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The beginner's guide to flat design

Burger King rebrand
(Image credit: Burger King Corporation)

In the past, web designers put a particular focus on showing off their skills and portfolios by packing sites with flashy illustrations and animations that supposedly wowed their visitors. Then came a shift toward skeuomorphic design, which attempted to bring real life to the screen, with faux-realistic textures, drop-shadows and real object characteristics.

That gave way to flat design, which opposed all of these 'artificial' design techniques in favour of a more simplified, classically digital aesthetic. And while this user-centric web design style has been around for many years now, it's still as relevant and popular as ever, and is seeing a resurgence in logo design, too. So if you're still not sure what it's all about then this guide might be just what you need...

What is flat design?

What is flat design?

Windows 8 was at the forefront of the flat design trend

Flat design is a minimalistic design approach that emphasises usability. It features clean, open space, crisp edges, bright colours and two-dimensional illustrations.

Microsoft was one of the first to apply this design style to its interface, seen by some as a backlash against the popular skeuomorphic design that Apple kicked off with its iOS interface. Instead of converting a real-life object, such as a calendar, into a tiny realistic illustration, advocates of flat design identify apps with simple, icon-like images.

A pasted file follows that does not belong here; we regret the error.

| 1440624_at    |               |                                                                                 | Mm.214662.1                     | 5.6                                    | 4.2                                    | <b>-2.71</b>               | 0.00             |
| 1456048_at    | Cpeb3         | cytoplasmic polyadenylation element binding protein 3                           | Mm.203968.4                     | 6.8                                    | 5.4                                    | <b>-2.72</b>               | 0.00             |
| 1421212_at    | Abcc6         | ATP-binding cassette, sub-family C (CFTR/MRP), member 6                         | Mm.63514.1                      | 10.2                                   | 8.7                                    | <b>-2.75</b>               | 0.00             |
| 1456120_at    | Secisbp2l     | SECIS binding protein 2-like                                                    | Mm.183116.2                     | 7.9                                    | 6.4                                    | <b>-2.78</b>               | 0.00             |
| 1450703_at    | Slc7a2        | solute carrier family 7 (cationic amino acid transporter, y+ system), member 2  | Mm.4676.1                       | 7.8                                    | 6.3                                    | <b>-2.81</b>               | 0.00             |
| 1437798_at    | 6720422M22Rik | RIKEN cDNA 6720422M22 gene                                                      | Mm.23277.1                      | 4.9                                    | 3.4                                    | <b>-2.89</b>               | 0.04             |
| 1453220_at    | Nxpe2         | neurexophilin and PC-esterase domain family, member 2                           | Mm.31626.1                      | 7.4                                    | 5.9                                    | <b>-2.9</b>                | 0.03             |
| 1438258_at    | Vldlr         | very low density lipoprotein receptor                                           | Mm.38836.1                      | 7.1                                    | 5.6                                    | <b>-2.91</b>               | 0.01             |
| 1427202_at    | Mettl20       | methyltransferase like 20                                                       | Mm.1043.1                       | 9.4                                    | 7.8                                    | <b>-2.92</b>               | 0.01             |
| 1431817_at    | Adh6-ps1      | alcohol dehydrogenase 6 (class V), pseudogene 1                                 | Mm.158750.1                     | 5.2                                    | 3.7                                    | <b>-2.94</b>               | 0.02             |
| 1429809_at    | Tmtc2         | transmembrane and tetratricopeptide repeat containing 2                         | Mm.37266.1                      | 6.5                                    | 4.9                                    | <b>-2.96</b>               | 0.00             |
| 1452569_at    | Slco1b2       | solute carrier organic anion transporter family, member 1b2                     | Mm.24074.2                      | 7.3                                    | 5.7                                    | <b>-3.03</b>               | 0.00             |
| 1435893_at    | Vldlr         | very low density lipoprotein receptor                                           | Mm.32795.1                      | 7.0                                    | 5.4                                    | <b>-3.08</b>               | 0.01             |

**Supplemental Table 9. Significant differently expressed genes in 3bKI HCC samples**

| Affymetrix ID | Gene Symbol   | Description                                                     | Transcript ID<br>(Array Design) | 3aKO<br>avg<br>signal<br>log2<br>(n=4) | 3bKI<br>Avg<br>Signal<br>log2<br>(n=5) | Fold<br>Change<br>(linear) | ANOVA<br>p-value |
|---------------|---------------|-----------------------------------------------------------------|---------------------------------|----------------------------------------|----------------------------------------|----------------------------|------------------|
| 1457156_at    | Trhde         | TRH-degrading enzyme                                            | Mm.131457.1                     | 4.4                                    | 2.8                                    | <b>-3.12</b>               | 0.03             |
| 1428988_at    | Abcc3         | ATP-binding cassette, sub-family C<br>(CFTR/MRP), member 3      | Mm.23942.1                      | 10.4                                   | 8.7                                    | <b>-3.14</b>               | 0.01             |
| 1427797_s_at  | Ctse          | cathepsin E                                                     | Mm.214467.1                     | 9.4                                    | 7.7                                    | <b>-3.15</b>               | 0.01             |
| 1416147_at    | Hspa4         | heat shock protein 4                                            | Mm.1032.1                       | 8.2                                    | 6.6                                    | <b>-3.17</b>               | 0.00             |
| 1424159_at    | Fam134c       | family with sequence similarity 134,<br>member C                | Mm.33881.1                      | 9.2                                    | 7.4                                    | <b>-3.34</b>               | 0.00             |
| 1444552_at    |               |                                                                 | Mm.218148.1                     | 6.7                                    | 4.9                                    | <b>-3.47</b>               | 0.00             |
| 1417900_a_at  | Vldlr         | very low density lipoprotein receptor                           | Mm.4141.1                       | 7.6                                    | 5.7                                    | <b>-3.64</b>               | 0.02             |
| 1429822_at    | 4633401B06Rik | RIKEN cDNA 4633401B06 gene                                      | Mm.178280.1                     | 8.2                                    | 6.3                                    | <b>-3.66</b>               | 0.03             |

Rather than bringing aspects of real life to an interface, this illustrates a clear separation between technology and tactile objects.

Minimalist doesn't mean boring

In flat design, ornamental elements are viewed as unnecessary clutter. If an aspect serves no functional purpose, it's a distraction for the user. This is the reason for the minimalistic nature of flat design.

However, just because it lacks any flashy design doesn't mean this style is boring. Bright, contrasting colours make illustrations and buttons pop from backgrounds, easily grab attention, and guide the user's eye. The purpose of minimalistic imagery also contributes to flat design's functional character.

Flat design is simplistic

app icons

Flat design is definitely having a moment – has it gone too far? (Image credit: Tobias van Schneider)

Simple images convey messages more quickly than detailed illustrations. Images like icons can indicate universal actions or purposes so that everyone can easily understand them.

It's easy to see an immediate difference between a skeuomorphic and a flat design. Notice how bigger, solid colour blocks are more attention-grabbing and the meaning of the icons can quickly be perceived.

The icons above show just some of the icons in use in 2021, including last year's controversial Google icon rebrand. The danger here is that because they are all following the flat design trend, and using bright colours to elevate their designs, they are almost becoming too similar (as we explored in this piece). This just goes to show that there's a fine line between following trends such as flat design, and standing out from the crowd.